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Jordan_E
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Years back, I attempted to shoot one of my scripts, a purposely no-budget horror screenplay, but one of the local actors I picked completely ruined the experience by trying to take over the "directing" reins, so I pulled the plug on the project. Now, years later, I just finished a new no-budget (well, it would cost the price of blank video tapes and DVD-Rs) screenplay and am toying with the idea of shooting this one, as I envisioned it shot within a mile of my house (it takes place outdoors) and I may be able to pull some strings to use local indian reservation land. But memories of that last 'production' haunts me. Anyone here attempt such a task before? Any pointers would be appreciated. I know a Florida filmmaker who said he would sell any DVDs I make of this alongside his own at various horror conventions he attends during the year, and I am known on a certain horror website and could get the word out if/when I finish. It's more wanting to accomplish something that I let get out of hand and ended all those years ago, and at least it isn't a dang zombie movie! Thoughts?

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Well my experience is having worked on film and planning/budgeting from that perspective, so I’m not sure how much I can offer as far as the technicalities of shooting DV are concerned but I’ll try and offer some tips where I can here. By “cheap video” I assume you do mean DV or at best HDV.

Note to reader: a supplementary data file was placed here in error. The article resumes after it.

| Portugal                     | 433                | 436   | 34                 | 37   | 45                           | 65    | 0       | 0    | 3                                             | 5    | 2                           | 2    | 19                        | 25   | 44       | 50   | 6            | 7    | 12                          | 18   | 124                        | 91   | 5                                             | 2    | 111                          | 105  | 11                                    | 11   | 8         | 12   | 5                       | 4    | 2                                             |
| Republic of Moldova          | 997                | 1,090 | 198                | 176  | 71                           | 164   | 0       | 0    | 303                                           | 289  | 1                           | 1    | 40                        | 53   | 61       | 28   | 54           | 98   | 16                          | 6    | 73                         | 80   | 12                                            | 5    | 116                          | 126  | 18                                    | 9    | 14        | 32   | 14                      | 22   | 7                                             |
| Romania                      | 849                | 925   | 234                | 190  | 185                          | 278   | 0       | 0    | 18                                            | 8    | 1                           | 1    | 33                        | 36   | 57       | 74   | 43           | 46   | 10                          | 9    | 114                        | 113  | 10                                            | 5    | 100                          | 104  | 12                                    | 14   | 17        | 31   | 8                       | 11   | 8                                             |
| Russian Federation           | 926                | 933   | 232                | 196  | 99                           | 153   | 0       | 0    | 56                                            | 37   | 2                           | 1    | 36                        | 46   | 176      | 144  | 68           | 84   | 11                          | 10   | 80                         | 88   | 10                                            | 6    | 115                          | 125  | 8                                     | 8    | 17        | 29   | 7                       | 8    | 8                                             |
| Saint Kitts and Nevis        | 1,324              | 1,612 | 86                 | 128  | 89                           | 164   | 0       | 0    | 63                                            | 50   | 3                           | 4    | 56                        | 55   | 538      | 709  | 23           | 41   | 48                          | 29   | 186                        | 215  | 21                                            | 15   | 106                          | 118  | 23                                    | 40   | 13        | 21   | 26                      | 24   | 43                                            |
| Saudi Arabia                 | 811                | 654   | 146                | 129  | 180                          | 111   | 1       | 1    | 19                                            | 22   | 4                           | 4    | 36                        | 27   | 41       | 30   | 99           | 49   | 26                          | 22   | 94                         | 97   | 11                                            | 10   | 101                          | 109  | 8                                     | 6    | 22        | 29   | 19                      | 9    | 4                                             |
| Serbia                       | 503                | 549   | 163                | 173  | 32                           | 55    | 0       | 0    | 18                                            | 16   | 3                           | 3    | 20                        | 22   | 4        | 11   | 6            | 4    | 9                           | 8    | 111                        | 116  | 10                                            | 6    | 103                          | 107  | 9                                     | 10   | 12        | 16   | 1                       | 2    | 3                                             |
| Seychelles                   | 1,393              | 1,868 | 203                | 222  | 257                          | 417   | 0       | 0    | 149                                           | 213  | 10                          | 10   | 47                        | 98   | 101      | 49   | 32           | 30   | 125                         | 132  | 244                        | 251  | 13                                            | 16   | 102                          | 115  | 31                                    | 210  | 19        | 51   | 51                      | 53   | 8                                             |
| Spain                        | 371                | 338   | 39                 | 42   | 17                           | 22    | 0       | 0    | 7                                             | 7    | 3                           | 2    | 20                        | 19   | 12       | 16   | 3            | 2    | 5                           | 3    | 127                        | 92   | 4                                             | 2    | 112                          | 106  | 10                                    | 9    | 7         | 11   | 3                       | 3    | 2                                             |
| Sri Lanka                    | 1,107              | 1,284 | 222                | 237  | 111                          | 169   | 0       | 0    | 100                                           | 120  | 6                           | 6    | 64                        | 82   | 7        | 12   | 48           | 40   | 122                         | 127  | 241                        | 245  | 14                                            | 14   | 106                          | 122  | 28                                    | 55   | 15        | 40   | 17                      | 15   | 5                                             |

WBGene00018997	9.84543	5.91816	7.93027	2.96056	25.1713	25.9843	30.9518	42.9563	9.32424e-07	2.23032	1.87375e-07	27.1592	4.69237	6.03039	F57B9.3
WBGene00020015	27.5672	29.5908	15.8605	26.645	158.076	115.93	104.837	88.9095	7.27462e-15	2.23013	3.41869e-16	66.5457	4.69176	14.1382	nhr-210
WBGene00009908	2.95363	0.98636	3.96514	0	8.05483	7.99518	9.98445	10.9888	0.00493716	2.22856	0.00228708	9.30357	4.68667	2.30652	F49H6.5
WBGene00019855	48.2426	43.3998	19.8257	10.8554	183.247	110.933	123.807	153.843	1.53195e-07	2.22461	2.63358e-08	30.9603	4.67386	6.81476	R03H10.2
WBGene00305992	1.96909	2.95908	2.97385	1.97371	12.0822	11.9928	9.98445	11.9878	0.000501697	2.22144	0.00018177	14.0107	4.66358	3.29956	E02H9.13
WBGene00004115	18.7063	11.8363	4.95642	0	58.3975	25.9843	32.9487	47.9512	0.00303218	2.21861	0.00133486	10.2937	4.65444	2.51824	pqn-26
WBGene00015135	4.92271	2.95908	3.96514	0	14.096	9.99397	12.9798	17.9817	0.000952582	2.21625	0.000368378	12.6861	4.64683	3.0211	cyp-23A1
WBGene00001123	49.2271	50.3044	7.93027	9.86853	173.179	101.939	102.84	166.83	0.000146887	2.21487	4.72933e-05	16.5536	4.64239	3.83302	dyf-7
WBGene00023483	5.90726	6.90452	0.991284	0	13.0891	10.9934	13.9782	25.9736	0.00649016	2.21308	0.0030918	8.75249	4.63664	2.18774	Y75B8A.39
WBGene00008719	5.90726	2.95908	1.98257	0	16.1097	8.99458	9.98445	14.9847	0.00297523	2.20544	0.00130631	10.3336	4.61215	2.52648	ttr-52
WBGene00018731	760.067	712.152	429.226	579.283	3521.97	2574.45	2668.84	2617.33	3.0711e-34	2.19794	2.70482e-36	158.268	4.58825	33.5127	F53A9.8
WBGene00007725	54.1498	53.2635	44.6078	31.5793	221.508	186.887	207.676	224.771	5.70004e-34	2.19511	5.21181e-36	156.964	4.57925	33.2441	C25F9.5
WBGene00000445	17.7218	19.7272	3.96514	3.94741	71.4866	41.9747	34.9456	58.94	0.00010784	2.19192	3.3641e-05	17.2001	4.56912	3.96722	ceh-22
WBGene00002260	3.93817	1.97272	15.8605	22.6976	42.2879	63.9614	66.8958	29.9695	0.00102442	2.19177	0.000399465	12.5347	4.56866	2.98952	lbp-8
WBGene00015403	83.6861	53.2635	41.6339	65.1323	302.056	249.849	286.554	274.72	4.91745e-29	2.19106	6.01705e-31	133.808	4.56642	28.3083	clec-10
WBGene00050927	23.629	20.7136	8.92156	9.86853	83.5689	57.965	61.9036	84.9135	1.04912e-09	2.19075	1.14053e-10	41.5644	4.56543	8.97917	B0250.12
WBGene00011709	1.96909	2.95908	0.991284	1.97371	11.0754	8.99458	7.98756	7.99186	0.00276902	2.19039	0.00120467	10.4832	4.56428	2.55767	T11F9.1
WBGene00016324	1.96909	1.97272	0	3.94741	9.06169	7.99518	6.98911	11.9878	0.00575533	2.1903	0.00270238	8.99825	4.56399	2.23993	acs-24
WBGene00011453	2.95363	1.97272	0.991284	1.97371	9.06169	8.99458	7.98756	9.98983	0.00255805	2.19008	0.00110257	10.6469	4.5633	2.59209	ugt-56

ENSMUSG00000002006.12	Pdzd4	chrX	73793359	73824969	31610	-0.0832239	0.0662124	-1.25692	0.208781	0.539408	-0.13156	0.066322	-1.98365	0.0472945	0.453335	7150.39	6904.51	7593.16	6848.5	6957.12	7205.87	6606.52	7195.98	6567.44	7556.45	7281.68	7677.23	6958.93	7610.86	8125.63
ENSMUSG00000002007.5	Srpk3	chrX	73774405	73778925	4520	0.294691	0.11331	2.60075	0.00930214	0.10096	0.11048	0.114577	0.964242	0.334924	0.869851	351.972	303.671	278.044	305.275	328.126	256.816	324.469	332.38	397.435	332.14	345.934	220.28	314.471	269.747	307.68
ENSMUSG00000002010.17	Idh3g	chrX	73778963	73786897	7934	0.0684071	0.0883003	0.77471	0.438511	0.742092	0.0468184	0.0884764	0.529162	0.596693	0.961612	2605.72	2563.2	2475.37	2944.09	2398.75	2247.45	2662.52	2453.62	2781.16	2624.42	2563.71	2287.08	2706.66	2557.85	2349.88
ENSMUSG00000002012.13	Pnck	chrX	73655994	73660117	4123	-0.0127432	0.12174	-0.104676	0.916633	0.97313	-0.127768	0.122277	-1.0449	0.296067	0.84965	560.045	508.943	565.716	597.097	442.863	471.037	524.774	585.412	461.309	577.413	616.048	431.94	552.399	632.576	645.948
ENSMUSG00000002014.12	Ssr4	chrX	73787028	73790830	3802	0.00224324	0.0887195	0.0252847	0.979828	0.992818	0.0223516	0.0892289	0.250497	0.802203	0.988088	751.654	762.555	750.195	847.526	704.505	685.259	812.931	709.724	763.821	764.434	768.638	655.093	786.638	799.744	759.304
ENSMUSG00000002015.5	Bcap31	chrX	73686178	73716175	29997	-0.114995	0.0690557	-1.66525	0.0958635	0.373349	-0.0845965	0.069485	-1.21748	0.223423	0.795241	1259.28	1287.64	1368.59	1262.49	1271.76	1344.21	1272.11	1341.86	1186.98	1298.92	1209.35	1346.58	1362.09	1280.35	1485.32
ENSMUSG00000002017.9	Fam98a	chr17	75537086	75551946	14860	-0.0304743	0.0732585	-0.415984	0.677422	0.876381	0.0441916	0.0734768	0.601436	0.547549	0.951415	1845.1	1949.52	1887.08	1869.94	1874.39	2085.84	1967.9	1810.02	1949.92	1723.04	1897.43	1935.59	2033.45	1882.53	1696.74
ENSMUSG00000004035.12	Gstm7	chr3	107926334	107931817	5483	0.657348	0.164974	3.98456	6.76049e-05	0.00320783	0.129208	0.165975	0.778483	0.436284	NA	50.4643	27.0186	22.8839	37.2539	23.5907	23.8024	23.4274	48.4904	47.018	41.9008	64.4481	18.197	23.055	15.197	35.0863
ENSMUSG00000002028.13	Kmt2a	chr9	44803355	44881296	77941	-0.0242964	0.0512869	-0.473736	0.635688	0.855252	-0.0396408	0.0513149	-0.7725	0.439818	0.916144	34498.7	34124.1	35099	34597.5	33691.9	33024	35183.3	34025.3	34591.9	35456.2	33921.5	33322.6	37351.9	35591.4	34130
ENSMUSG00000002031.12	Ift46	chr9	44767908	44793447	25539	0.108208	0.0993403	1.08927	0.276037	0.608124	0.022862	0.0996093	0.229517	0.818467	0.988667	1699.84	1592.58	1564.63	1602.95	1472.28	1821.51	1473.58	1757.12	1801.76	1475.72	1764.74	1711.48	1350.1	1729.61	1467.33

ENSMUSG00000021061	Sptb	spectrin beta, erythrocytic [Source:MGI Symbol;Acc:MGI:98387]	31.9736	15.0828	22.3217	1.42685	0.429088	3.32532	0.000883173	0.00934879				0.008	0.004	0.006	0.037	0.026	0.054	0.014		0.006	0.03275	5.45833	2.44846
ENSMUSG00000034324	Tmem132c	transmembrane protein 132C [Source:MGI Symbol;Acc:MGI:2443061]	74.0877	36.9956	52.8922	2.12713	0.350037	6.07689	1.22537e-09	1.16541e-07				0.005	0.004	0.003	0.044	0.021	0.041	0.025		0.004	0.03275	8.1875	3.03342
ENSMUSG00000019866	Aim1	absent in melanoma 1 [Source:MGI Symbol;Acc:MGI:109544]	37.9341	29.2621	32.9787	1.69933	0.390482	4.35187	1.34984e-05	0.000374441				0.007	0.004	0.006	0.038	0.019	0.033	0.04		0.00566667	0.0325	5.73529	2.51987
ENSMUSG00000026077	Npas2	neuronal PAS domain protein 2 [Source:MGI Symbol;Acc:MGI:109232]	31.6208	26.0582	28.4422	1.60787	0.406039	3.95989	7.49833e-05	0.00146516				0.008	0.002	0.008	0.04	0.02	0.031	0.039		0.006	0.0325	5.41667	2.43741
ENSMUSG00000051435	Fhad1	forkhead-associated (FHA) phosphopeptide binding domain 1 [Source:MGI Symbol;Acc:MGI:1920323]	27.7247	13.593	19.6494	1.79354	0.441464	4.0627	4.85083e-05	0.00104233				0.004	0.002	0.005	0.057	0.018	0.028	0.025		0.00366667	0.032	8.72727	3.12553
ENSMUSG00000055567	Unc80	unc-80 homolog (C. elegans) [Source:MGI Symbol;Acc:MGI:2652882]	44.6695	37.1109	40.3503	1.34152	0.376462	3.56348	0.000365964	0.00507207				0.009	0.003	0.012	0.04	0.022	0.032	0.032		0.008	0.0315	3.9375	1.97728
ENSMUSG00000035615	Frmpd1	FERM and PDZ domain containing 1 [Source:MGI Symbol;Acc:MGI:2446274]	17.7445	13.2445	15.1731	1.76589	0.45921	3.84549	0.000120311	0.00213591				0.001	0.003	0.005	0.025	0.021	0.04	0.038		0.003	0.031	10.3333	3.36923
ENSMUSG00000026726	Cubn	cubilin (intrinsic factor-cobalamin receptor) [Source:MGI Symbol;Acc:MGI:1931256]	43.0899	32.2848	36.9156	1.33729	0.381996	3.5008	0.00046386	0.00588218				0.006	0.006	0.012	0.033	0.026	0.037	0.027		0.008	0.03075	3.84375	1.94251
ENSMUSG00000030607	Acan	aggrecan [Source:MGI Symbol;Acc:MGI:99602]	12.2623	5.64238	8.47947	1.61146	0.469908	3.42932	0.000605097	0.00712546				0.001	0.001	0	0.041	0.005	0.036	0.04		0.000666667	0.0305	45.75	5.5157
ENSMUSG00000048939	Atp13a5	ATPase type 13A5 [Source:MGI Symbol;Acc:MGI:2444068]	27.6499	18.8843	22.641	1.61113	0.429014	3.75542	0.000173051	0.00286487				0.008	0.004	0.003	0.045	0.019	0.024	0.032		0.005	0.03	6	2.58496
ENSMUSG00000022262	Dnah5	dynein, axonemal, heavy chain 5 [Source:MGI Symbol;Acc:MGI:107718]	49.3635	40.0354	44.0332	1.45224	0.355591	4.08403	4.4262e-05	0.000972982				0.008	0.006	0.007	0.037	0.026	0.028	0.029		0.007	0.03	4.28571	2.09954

Do you mind going over just what went wrong the last time? I find that hands on experience, good or bad, counts for everything and if you work in a creative field the bad experiences tend to come back at a later date and reveal themselves to be of unique benefit … that is of course if one has the self discipline to learn to better themselves and their technique.

 

In addition I’d ask how you envision the production in terms of the size of your cast and crew, who’d be doing what jobs, and what other jobs (if any) you’d take on outside of writing and directing the piece.

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Let's see...

 

What went wrong last time. I let the guy start "suggesting" too much, as far as my words were concerned. He then started talking about me behind my back to others (who liked me more than him and let me know), as in "maybe we should take over this show," and that's when I decided to pull the plug. Did piece together a cool little trailer from that one though.

 

The cast would be 9 speaking parts, although I'm toying with the idea of melding certain characters and making it 7 speaking parts. As far as the crew, I would have to throw this out to a Seattle filmmaking site and see who bites, but I would probably handle the camera myself, except for a few handheld POV shots written into the story. Also, I would cut this myself. If I go down this road, I would be storyboarding the hell out of it, because I want to "see" it as much ahead of time before getting out there, because I know how things can change on the fly.

 

Overall, I see this as something I would probably just watch myself, in true Howard-Hughes-gone-insane-watching-Ice Station Zebra-mode, in my HT. But it's also an itch that's been there since that last aborted attempt years back.

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I would be storyboarding the hell out of it, because I want to "see" it as much ahead of time before getting out there, because I know how things can change on the fly.